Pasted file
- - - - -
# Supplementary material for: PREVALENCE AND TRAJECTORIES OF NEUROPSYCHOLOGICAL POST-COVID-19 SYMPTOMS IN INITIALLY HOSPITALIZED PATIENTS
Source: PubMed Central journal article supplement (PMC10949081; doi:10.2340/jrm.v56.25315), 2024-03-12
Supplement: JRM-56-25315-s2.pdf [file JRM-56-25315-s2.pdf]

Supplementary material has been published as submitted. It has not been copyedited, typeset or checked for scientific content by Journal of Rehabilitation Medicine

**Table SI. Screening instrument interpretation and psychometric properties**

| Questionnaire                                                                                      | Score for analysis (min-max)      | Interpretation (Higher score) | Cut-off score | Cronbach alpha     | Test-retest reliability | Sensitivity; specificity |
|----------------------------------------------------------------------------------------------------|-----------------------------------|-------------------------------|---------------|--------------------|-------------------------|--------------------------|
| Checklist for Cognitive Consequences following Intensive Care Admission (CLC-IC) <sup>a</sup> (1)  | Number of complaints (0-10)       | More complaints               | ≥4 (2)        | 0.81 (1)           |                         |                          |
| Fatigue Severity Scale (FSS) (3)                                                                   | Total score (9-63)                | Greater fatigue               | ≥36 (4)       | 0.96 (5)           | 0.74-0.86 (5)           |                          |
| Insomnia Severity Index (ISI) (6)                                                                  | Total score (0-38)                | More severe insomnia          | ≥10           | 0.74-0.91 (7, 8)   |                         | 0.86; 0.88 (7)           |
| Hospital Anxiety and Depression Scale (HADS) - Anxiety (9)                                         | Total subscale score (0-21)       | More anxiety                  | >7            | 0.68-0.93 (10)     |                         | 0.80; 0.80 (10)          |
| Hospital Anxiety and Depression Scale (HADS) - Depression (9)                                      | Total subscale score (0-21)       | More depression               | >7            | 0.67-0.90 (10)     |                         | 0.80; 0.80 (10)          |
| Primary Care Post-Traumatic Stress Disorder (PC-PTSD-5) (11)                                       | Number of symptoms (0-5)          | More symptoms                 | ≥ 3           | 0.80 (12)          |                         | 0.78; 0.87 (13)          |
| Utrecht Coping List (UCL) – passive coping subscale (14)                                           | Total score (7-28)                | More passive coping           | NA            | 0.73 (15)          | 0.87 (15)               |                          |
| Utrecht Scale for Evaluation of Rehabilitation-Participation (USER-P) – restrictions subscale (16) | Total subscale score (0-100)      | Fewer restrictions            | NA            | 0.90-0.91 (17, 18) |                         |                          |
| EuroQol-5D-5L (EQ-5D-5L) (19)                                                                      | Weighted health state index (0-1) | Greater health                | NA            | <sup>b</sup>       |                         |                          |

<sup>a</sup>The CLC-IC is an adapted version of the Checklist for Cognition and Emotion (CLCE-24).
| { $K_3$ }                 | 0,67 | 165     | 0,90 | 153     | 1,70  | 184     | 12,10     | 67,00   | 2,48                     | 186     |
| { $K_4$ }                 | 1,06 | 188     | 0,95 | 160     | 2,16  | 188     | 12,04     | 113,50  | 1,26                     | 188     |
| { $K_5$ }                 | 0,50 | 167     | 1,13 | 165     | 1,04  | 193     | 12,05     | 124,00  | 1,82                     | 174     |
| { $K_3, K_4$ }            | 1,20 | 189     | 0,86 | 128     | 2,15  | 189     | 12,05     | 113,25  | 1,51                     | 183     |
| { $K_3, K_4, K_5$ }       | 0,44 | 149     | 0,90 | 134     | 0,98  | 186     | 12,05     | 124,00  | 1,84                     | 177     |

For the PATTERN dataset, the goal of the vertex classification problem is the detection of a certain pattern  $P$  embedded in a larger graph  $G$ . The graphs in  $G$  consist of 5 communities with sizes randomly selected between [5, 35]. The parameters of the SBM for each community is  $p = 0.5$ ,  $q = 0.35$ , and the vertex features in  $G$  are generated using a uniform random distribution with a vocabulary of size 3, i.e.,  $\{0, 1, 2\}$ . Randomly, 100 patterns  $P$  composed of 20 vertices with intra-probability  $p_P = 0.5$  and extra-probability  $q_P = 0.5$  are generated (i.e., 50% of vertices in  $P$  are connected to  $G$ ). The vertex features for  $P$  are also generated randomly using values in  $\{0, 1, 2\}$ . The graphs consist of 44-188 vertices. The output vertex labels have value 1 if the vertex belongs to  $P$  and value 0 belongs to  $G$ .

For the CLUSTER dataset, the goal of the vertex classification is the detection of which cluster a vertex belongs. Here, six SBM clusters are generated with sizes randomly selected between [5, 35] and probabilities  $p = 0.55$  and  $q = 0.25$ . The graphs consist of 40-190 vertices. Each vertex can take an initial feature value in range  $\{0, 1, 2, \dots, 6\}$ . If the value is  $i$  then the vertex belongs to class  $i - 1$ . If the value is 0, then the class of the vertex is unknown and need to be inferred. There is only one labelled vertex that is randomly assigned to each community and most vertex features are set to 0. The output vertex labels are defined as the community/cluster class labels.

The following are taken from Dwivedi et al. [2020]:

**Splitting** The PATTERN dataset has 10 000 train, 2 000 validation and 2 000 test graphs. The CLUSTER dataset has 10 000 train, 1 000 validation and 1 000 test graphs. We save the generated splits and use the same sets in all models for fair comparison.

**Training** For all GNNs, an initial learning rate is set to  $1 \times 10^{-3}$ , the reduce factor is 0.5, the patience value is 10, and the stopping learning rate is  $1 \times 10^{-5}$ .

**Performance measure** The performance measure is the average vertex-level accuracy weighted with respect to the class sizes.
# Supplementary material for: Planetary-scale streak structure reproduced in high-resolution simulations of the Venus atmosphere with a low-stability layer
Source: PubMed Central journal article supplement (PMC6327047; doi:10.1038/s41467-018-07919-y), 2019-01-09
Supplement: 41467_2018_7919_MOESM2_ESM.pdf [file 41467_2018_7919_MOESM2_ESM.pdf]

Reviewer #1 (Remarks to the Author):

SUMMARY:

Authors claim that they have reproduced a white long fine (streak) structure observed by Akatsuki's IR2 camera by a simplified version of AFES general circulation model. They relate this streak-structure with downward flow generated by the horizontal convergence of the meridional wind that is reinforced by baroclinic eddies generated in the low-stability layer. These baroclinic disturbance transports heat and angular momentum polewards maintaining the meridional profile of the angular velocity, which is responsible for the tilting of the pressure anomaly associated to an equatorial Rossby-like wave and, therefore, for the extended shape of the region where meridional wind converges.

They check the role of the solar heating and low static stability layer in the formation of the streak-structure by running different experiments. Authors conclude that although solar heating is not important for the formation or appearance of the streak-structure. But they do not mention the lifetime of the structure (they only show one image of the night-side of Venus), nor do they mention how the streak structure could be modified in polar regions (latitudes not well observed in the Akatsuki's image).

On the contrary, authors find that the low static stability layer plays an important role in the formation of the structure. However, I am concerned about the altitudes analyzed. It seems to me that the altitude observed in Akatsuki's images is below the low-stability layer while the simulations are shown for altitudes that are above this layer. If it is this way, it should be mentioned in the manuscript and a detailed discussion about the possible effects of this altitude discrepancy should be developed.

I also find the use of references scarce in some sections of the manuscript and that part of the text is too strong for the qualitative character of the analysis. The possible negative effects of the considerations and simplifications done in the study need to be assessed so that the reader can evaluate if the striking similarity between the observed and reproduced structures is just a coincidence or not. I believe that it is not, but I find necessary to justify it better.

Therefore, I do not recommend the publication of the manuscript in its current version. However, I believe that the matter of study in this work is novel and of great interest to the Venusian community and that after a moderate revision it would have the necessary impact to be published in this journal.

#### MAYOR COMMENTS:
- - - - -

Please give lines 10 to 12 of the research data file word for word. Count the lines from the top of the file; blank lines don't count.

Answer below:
| Insomnia Severity Index (ISI) (6)                                                                  | Total score (0-38)                | More severe insomnia          | ≥10           | 0.74-0.91 (7, 8)   |                         | 0.86; 0.88 (7)           |
| Hospital Anxiety and Depression Scale (HADS) - Anxiety (9)                                         | Total subscale score (0-21)       | More anxiety                  | >7            | 0.68-0.93 (10)     |                         | 0.80; 0.80 (10)          |
| Hospital Anxiety and Depression Scale (HADS) - Depression (9)                                      | Total subscale score (0-21)       | More depression               | >7            | 0.67-0.90 (10)     |                         | 0.80; 0.80 (10)          |